I remember the sensation of being hurled bodily through the air with near continuous acceleration as I was heaved at the far wall. Lurec’s strength was considerable, and his rage lent him opportunity to display its full extent. The impact with the wall is less clear to me, coming, as it did from such a surprising and unaccustomed angle. I found myself on a heap upon the bed, struggling to right myself as Lurec turned his concerned attention to Velice. Stumbling toward the door, I fought for some modicum of control, willing my flailing limbs to work as I wished. But Lurec had seated Velice and turned again before I got half the distance.

His strike seemed slow after I’d experienced Velice’s, the way a rockslide is slow when compared to lightning. My brain, addled as it was with the abuses being heaped upon my person, reacted with an alacrity far beyond my norm, and I ducked smoothly under. Bracing my shoulder against the center of the larger man’s chest, I bulled into him, and this crude attack served to send him staggering back in surprise. Grabbing Yr Neh where he lay, forgotten, near the foot of the bed, I spun about and wrenched open the door. Slamming it behind me, I dashed desperately to the stairs, and stumbled down them in a rush which I am lucky to have survived.

With the clatter of Lurec in the stairwell behind me, I tumbled into the street, almost dropping the limp cat as I rose once more. My entire face hurt with every step, and my tongue probed about my teeth, as if to count them. I was dizzy, and it took a moment to orient myself, but when Lurec gained the street, I was already pelting down it as well as I could, Yr Neh cradled in my arms. I heard Velice call out to him one time, but Lurec was in no mood to give up his chase.

My dash through Rockface was a half-remembered haze, with the song I’d chosen as a memory aid being disrupted by Lurec’s shouts of rage from behind me. Desperate, my skull aching abysmally, I recited the verses of my mnemonic song backwards, and then inverted the directions these brought to mind, trying to trace the route back to the inn we’d left in Westwall. Soon we’d pulled ahead, and Lurec was no longer hot on our heels. But I could hear the larger man behind me not conceding his pursuit. The not inconsiderable bulk of the cat began to weigh me down, and I shifted him from arm to arm, so as to not let his head bob too violently with my strides. I flexed my face nearly continuously, unsuccessfully trying to right whatever wrong Velice had done to me.

“Yr Neh,” I gasped to the cat as I ran along wooden streets, “wake up!” But he continued to hang limp in my arms. I could feel the pulse in his neck, strong and steady, and I felt an instant of jealousy for his blissful unawareness. I must have presented quite the spectacle, dirty, disheveled, and bearing with me a large and unconscious orange cat, and to those young children in the crowds who noticed, I now extend my apologies.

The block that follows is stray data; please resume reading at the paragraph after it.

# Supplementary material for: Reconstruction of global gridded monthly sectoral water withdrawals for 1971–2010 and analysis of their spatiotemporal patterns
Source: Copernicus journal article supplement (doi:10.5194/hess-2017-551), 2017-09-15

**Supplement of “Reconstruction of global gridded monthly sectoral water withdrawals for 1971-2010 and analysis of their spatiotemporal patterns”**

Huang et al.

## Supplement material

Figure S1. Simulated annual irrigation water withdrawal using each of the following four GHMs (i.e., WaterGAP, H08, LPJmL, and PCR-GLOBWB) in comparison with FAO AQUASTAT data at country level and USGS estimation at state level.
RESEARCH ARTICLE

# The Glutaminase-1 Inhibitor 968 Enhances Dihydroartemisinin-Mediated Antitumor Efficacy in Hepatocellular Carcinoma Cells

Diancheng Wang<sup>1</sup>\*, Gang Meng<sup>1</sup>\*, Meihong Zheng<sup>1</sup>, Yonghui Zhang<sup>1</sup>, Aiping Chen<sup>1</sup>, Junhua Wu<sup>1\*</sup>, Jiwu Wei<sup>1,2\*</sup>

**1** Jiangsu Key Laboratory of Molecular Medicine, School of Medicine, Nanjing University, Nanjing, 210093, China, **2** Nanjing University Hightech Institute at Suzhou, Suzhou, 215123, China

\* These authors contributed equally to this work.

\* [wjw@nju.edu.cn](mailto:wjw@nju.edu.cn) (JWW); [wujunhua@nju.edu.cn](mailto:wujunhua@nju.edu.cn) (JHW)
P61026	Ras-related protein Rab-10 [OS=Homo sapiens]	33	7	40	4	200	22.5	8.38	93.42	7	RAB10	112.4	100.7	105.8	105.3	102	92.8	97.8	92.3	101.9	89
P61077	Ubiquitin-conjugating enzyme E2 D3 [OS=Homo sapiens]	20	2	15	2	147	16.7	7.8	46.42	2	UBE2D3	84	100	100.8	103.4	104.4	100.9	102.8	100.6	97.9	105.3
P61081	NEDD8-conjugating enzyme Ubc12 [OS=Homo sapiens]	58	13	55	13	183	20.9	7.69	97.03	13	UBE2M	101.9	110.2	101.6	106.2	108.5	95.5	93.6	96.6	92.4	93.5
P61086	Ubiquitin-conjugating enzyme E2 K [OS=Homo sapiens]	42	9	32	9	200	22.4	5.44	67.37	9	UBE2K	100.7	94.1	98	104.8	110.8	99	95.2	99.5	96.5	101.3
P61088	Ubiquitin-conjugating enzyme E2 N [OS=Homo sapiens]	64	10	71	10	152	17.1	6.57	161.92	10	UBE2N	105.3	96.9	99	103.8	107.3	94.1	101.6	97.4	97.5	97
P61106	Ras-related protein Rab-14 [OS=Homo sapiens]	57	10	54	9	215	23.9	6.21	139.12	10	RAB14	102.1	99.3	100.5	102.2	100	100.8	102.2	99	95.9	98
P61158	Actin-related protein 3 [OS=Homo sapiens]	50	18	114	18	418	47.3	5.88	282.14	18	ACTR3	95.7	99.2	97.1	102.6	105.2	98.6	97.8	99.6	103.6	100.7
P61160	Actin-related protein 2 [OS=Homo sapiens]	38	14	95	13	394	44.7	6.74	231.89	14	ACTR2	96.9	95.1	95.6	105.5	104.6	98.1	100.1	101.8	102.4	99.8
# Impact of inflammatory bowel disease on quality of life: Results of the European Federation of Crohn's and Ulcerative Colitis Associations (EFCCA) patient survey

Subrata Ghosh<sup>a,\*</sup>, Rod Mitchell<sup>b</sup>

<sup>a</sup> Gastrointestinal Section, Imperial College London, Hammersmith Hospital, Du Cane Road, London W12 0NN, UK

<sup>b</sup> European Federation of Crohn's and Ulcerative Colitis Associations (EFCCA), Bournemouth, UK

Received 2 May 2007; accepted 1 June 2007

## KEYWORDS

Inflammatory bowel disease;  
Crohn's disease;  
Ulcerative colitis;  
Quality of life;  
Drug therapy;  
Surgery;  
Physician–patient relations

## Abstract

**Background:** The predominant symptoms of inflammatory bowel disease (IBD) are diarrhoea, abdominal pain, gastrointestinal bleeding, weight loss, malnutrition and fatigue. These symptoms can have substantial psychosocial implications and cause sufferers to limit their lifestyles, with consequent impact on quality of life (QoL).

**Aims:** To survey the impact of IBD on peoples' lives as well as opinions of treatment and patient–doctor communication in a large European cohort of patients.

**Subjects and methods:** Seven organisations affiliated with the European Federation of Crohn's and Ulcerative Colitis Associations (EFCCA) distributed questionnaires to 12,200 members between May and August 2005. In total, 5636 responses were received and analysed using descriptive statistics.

At long last we arrived at our origin in Rockface, and I pelted up the stairs, to enter our room and collapse at the half-eaten feast we’d left not long ago. I swept aside a space, and lay Yr Neh out among the platters, as I was certain he’d have wished to be. There, in Gloren’s elegant hand, was a note, written, as far as I could tell, in Old Ventrosi, a language which I could neither speak nor read.

Following Gloren’s Note

There was no time for courtesies, and so I upended a pitcher of water onto the cat’s head and forequarters, bringing him to growling animation in the briefest time possible. After weathering his initial poor humor, I thrust the note at him, and, as he puzzled over it, I peered into the street below. After a moment of stillness, Lurec appeared, breathing heavily, and I turned once more to Yr Neh, who was ruminating silently.

“Yr Neh, I know you’ve been unconscious, so you may not be aware that we’re in something of a hurry,” I said, sliding to one side and peeking past the window frame to where Lurec stalked the streets a few floors below. Whatever suspicions he’d been developing regarding Velice were, to all appearances, dispelled, replaced by rage and concern. As the Baron had been subject to her considerable allure and none of her alternative facets, I could well appreciate the man’s anger. He seemed to consider his options, looking from one building to the next. “What does the note say?” I asked.

Yr Neh said Gloren and Terring had been recalled from their posts almost the instant they arrived, summoned by Terring’s secret police, one of whom, through chance, spotted Peppin in the streets and recognized him. I felt my brows lower at this, knowing how my own “chance meeting” had gone. But there seemed no subterfuge here. Gloren had hurried to the rooms where Peppin had been seen to go, and instructed this note was to be left for us here. My greatest hope at that moment was that Gloren had been cautious in doing so. The Countess could well be as dangerous as Velice, and not one to corner unprepared.

As the cat related these things, Lurec walked from my field of vision, intent on entering this very building. This, I assumed, was not a lucky choice. As an heir to the Sealord’s title, who knew what secrets Lurec might be privy to? He must have known of the route through the Underhold we’d taken to get here, and the exit in this very room.